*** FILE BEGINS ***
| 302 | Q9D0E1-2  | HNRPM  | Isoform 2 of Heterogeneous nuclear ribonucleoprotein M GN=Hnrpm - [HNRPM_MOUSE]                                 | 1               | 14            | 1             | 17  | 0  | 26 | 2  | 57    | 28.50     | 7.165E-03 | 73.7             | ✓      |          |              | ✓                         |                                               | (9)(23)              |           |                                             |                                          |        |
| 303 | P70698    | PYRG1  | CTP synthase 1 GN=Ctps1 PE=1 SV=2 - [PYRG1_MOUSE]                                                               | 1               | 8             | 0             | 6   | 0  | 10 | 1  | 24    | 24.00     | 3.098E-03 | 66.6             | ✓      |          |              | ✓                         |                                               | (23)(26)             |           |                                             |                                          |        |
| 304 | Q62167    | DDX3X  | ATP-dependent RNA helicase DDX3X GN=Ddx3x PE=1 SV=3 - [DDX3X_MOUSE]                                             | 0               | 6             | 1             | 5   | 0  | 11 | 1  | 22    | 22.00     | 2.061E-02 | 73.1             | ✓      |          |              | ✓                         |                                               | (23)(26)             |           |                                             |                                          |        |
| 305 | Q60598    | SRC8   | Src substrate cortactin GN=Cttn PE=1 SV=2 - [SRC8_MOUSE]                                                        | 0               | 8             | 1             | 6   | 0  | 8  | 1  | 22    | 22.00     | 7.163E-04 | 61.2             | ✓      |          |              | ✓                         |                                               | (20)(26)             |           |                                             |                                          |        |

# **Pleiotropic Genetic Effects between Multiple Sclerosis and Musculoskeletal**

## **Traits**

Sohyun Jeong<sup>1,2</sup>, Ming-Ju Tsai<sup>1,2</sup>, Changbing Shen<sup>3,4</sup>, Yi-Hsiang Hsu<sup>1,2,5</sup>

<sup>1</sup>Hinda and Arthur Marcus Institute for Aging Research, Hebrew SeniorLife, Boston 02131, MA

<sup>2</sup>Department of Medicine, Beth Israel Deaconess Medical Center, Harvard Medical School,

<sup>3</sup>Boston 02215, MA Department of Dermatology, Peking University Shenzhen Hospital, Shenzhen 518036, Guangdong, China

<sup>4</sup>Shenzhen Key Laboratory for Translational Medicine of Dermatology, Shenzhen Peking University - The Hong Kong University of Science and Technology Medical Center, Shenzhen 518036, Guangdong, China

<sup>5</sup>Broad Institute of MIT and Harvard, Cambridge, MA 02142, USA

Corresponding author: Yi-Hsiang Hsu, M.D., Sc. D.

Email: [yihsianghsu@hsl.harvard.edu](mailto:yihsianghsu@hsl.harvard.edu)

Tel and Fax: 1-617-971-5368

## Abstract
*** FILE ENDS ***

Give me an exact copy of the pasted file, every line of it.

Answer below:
| 302 | Q9D0E1-2  | HNRPM  | Isoform 2 of Heterogeneous nuclear ribonucleoprotein M GN=Hnrpm - [HNRPM_MOUSE]                                 | 1               | 14            | 1             | 17  | 0  | 26 | 2  | 57    | 28.50     | 7.165E-03 | 73.7             | ✓      |          |              | ✓                         |                                               | (9)(23)              |           |                                             |                                          |        |
| 303 | P70698    | PYRG1  | CTP synthase 1 GN=Ctps1 PE=1 SV=2 - [PYRG1_MOUSE]                                                               | 1               | 8             | 0             | 6   | 0  | 10 | 1  | 24    | 24.00     | 3.098E-03 | 66.6             | ✓      |          |              | ✓                         |                                               | (23)(26)             |           |                                             |                                          |        |
| 304 | Q62167    | DDX3X  | ATP-dependent RNA helicase DDX3X GN=Ddx3x PE=1 SV=3 - [DDX3X_MOUSE]                                             | 0               | 6             | 1             | 5   | 0  | 11 | 1  | 22    | 22.00     | 2.061E-02 | 73.1             | ✓      |          |              | ✓                         |                                               | (23)(26)             |           |                                             |                                          |        |
| 305 | Q60598    | SRC8   | Src substrate cortactin GN=Cttn PE=1 SV=2 - [SRC8_MOUSE]                                                        | 0               | 8             | 1             | 6   | 0  | 8  | 1  | 22    | 22.00     | 7.163E-04 | 61.2             | ✓      |          |              | ✓                         |                                               | (20)(26)             |           |                                             |                                          |        |

# **Pleiotropic Genetic Effects between Multiple Sclerosis and Musculoskeletal**

## **Traits**

Sohyun Jeong<sup>1,2</sup>, Ming-Ju Tsai<sup>1,2</sup>, Changbing Shen<sup>3,4</sup>, Yi-Hsiang Hsu<sup>1,2,5</sup>

<sup>1</sup>Hinda and Arthur Marcus Institute for Aging Research, Hebrew SeniorLife, Boston 02131, MA

<sup>2</sup>Department of Medicine, Beth Israel Deaconess Medical Center, Harvard Medical School,

<sup>3</sup>Boston 02215, MA Department of Dermatology, Peking University Shenzhen Hospital, Shenzhen 518036, Guangdong, China

<sup>4</sup>Shenzhen Key Laboratory for Translational Medicine of Dermatology, Shenzhen Peking University - The Hong Kong University of Science and Technology Medical Center, Shenzhen 518036, Guangdong, China

<sup>5</sup>Broad Institute of MIT and Harvard, Cambridge, MA 02142, USA

Corresponding author: Yi-Hsiang Hsu, M.D., Sc. D.

Email: [yihsianghsu@hsl.harvard.edu](mailto:yihsianghsu@hsl.harvard.edu)

Tel and Fax: 1-617-971-5368

## Abstract